This book is the result of the success of the Designing cities for all programme at Pakhuis de Zwijger in Amsterdam. After participating as a speaker at a round table entitled “Design from Inclusion: Products and Services” in May 202, I was asked to write an article about my research and experience in Inclusive Fashion, together with other experts in Design and Inclusion.
The book is published in English and there is a PDF version for use with screen readers. Here are some excerpts from our article All Abilities Fashion, I hope you enjoy it!
“Products and services must be accessible, otherwise they are not well designed.
People with disabilities have been key to innovating solutions that have later been used by the entire population. This is the challenge for designers in the 21st century, to design accessibility to create inclusion.
In fact, we all use accessibility daily, but most people don’t know about it. Could you tell me an accessible item that you use in your daily life? Your answer is probably no if you do not have a disability, so here are some examples that will surprise you!
Ramps and stairs were initially designed to create access for wheelchair users in buildings and public spaces. But in reality, which ones do you prefer to use?
Unconsciously people prefer ramps because they are more comfortable: you don’t strain your legs and knees, you can use them without a handrail, and they have more stability which means more balance and safety. As a result, ramps go beyond wheelchair users, they were soon used by mums with baby trolleys, elderly people with walking frames or crutches, travellers with wheeled suitcases, skateboarders, and — in general — the whole population. We just use the ramps because they are more comfortable. (…) “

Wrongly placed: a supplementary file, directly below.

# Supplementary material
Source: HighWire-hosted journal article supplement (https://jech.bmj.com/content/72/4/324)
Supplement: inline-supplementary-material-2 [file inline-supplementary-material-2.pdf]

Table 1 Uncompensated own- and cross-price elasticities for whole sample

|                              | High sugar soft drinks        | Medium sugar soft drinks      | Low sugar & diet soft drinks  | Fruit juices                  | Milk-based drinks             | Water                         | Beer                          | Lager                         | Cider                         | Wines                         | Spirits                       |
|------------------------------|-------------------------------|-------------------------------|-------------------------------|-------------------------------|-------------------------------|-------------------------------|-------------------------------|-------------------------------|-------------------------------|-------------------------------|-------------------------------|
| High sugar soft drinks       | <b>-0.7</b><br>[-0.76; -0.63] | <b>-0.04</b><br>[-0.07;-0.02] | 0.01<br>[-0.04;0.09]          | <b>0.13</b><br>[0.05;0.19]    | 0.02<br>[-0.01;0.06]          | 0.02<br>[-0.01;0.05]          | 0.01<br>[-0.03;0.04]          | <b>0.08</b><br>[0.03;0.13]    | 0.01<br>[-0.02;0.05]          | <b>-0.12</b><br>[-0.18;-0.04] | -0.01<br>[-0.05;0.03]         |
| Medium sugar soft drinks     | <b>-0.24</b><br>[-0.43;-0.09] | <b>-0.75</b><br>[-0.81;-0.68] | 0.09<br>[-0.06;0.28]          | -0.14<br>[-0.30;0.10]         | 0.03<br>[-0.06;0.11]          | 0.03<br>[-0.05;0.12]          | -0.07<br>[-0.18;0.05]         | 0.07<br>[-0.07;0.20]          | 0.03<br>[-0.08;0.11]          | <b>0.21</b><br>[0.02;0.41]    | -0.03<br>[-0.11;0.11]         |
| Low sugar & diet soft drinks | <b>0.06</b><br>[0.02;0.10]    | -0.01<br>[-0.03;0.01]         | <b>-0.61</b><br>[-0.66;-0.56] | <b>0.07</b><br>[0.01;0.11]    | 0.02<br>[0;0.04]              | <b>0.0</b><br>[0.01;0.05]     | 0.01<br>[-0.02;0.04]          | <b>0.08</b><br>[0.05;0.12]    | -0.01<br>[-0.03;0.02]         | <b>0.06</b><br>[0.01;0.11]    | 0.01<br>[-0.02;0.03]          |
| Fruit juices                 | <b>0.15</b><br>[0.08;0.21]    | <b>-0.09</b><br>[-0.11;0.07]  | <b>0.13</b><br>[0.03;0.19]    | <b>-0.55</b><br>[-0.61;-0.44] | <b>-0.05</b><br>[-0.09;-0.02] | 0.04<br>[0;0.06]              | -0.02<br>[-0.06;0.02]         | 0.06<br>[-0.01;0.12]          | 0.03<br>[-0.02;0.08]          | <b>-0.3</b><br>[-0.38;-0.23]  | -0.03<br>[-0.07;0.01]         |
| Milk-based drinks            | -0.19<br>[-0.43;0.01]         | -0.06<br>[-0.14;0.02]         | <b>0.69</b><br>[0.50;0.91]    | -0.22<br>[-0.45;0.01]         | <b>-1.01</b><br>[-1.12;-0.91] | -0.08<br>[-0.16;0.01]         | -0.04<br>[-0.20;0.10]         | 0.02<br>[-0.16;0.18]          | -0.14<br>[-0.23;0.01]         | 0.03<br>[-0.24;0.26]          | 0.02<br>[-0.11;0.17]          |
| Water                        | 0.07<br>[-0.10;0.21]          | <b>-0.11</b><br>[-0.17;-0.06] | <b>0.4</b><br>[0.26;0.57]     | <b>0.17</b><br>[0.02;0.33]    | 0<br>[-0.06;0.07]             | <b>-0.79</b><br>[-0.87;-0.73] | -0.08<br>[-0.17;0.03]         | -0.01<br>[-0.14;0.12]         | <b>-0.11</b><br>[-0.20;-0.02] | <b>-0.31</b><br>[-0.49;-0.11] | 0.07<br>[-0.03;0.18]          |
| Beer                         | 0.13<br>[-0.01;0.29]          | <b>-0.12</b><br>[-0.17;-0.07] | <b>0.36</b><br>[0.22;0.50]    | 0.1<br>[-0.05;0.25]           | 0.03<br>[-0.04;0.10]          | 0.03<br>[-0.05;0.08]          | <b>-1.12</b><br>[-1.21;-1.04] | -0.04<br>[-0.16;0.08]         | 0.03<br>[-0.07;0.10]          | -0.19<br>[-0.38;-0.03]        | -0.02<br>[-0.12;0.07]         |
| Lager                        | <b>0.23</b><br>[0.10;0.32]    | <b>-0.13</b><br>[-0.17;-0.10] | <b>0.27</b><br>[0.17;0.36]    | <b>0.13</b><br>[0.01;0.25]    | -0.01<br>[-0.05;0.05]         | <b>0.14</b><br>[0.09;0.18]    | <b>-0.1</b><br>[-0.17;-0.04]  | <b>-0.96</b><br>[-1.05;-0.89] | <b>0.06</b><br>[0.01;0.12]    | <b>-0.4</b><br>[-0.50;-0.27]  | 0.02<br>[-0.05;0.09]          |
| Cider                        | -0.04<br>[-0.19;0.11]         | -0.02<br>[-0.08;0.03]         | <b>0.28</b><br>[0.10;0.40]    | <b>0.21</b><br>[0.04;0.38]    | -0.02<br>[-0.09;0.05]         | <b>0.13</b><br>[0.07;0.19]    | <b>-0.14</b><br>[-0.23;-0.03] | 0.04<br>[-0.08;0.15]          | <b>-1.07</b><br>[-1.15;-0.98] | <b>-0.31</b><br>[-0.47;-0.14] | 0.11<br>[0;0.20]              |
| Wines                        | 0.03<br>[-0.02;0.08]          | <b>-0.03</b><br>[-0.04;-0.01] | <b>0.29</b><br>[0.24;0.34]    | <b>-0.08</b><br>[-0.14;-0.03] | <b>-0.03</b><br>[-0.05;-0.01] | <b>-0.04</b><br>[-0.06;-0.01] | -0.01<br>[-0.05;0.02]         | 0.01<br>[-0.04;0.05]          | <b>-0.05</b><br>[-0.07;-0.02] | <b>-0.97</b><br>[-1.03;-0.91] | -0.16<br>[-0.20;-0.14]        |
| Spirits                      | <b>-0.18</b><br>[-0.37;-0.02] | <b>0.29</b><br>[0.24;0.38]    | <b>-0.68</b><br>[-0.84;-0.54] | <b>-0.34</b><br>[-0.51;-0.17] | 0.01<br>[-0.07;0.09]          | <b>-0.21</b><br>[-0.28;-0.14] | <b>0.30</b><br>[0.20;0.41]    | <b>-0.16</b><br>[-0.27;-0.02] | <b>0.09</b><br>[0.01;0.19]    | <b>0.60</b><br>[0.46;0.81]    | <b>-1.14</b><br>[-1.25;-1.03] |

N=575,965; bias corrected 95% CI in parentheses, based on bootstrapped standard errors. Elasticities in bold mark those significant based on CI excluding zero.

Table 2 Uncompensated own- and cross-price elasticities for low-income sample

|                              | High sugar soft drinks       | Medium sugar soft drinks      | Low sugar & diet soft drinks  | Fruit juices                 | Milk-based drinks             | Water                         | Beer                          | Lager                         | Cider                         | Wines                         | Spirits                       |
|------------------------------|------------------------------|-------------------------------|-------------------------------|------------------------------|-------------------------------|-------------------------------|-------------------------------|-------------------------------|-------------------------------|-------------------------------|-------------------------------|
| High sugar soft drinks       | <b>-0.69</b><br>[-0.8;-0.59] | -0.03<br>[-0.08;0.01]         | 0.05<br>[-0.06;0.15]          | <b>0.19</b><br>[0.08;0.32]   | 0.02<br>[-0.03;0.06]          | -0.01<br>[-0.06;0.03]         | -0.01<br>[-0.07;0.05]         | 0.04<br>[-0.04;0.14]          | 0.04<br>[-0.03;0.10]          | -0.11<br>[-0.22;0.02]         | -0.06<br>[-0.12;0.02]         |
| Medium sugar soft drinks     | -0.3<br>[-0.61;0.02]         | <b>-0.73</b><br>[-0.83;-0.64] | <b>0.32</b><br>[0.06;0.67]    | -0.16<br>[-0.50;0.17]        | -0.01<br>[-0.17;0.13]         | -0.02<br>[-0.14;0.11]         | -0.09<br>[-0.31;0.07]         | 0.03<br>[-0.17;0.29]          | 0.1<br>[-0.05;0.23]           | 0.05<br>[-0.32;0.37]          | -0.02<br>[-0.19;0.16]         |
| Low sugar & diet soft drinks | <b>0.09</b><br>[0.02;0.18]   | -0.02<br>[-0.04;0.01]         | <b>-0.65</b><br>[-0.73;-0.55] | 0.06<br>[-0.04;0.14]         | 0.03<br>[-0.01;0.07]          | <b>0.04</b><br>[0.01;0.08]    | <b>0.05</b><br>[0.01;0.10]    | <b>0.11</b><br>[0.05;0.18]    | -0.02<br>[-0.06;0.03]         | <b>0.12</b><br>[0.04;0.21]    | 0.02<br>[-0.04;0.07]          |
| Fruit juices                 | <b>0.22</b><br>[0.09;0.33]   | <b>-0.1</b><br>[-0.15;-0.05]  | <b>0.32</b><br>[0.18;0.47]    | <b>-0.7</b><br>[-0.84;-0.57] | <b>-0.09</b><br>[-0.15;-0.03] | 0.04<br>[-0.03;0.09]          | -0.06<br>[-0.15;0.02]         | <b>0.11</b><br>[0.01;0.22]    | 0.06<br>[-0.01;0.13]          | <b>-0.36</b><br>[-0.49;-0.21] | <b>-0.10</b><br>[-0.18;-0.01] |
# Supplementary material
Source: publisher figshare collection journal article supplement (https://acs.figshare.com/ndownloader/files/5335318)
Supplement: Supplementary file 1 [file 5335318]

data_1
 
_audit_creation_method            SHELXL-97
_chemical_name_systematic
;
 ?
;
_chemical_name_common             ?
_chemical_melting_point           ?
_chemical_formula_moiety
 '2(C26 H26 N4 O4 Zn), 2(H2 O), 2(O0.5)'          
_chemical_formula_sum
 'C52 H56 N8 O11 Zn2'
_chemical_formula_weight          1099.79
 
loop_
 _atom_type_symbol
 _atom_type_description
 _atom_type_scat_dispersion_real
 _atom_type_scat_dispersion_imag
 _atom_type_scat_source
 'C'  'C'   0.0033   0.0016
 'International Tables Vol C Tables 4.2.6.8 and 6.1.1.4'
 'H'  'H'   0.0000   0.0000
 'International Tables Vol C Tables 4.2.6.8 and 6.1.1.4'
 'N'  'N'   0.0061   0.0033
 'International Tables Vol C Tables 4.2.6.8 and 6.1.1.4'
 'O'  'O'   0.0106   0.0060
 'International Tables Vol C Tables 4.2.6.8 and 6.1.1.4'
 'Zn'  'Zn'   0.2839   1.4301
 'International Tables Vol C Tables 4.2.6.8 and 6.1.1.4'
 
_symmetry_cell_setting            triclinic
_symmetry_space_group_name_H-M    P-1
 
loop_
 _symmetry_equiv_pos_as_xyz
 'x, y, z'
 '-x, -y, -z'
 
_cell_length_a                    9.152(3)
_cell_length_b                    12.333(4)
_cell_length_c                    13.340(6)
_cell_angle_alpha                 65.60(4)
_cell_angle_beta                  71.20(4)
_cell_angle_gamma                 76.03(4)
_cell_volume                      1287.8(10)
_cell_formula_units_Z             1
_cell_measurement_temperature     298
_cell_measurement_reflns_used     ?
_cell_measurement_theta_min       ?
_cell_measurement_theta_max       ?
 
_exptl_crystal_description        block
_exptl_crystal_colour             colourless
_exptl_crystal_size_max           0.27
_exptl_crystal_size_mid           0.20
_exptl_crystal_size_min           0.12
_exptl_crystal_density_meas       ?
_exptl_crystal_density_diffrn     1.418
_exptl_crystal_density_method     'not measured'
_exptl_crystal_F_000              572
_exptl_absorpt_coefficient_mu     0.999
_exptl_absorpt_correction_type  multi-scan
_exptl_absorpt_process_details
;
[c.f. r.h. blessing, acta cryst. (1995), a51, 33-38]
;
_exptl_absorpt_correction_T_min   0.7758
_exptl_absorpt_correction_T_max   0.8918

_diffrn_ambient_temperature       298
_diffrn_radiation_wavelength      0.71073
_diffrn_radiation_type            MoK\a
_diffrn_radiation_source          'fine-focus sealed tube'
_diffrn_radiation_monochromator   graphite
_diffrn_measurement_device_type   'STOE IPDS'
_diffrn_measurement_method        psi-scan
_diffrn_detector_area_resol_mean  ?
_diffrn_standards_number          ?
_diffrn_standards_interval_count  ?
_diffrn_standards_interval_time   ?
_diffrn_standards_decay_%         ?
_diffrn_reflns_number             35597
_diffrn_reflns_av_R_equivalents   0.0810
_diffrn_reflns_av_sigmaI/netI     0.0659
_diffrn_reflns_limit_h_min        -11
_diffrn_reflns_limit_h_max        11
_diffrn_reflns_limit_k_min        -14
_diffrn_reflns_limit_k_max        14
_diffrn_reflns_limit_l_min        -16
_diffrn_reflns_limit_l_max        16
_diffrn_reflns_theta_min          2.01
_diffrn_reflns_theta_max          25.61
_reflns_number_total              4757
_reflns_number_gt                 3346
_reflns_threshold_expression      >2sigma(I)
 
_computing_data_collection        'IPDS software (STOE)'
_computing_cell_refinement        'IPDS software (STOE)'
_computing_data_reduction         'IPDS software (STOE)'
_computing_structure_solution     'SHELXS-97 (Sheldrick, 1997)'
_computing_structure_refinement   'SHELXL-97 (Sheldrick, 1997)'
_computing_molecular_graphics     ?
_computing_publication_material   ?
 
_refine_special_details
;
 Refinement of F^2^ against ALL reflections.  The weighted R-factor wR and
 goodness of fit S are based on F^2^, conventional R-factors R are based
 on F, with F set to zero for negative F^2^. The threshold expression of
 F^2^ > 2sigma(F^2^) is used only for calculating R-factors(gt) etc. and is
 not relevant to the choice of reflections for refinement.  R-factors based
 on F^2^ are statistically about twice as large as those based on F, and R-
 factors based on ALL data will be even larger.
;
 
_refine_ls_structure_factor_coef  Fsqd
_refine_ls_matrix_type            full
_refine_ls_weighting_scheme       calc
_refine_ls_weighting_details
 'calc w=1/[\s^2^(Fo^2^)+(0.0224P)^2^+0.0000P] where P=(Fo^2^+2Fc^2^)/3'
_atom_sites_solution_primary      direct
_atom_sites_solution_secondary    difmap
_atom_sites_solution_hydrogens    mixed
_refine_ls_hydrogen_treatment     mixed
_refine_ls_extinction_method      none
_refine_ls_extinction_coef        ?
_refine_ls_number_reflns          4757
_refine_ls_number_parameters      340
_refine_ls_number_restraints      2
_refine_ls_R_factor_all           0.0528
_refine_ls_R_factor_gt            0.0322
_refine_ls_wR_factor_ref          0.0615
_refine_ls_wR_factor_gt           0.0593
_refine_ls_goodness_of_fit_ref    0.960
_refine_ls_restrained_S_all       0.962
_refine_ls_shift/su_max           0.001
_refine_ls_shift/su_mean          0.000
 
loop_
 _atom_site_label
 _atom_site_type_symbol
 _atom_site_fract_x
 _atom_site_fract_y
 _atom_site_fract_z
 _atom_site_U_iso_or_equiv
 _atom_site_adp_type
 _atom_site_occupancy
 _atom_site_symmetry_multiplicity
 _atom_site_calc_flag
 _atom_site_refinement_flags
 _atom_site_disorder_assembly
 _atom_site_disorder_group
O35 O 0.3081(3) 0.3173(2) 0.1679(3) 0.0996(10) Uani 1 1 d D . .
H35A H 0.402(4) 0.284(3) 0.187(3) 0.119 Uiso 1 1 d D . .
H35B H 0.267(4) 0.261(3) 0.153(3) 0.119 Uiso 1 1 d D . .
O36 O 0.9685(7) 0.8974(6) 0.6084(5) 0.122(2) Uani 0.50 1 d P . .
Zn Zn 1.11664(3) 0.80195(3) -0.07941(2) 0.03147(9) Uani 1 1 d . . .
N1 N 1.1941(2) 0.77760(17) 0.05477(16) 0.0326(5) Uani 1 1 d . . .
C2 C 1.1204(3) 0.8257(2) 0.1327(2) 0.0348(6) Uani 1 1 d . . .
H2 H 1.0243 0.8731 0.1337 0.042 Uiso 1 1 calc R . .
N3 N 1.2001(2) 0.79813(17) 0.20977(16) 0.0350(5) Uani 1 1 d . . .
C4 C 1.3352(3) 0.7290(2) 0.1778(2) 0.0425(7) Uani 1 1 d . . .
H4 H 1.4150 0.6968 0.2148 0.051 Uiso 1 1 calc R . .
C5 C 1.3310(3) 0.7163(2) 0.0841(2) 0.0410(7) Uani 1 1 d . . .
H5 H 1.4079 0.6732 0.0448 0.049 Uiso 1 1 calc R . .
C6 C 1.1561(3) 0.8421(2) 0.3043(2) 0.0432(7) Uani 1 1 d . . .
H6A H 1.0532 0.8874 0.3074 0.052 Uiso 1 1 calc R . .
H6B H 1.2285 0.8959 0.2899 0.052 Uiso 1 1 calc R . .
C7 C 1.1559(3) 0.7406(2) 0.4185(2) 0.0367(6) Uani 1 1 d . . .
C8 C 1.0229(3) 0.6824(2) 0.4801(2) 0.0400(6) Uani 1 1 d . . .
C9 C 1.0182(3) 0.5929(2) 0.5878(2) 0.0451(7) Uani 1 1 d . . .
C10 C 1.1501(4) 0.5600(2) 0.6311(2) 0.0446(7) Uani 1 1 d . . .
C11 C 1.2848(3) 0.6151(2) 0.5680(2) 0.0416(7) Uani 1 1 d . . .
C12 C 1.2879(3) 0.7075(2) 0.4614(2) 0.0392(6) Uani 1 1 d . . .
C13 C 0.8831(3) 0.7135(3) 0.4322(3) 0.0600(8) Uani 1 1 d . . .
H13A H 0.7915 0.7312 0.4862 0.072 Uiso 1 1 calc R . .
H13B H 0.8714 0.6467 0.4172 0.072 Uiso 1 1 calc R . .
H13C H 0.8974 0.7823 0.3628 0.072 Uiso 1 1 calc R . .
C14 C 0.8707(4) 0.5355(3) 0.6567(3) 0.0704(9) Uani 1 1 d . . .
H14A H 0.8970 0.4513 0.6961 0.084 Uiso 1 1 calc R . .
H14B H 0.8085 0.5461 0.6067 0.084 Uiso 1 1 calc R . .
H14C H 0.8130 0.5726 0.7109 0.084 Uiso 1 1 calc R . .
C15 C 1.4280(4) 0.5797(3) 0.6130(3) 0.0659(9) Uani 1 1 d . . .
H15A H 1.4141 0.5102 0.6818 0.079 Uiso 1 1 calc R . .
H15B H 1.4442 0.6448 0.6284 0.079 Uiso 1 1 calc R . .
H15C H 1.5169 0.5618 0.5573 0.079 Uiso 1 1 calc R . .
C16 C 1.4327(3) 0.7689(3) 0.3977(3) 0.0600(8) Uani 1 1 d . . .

“And how is it possible that by meeting the challenges for people with disabilities, almost the entire population benefits?
Simple, accessibility is universal, because disability is the only common value that affects all people equally.
Disability has no gender, no race, no geographical area, no social status, no culture, no age. Disability affects us all to a greater or lesser degree. It can be permanent, 100% of the time, temporary when you break an arm for example, or circumstantial (a small period of time): when you wear headphones you do not hear what’s happening around you.
This is the reason why accessibility is the basis of any inclusive solution. Because it affects all humans.” (…)
We know that accessibility and inclusion go hand in hand and improve the lives of people and organisations, why is it not a common practice?
In my opinion, there are three main reasons for this:
The first is the lack of education in accessibility and inclusive design. It is necessary to incorporate university training and to add specialised masters in Accessibility and Inclusion in all design disciplines — the same as sustainability became mainstream.
The second reason is ignorance, lack of knowledge of the benefits of accessibility and the benefits of working with people with disabilities. People with disabilities are often seen as inspirational, strong, motivational people, but they are rarely asked directly. People with disabilities are not the source of inspiration, they are the basis of product development.
If a person with a disability — sensory, cognitive, or physical — cannot use a product or service, then the product is not well designed.
The third is empathy, a soft skill that is increasingly valued.
Are we truly fair and equal for all people, or are we prejudiced by default? Whether it’s because of cultural differences, ideologies, stereotypes, etcetera. Having the ability to have conversations with different people outside your core group will make you more empathetic, have a broader vision, and better understand the needs of others.
Today, creating inclusive products is fast becoming an essential skill within companies and organisations”. (…)
And what does inclusive fashion look like? ( Read more in the next post)
You can buy the book on Pakhius de Zwijger’s website: click here.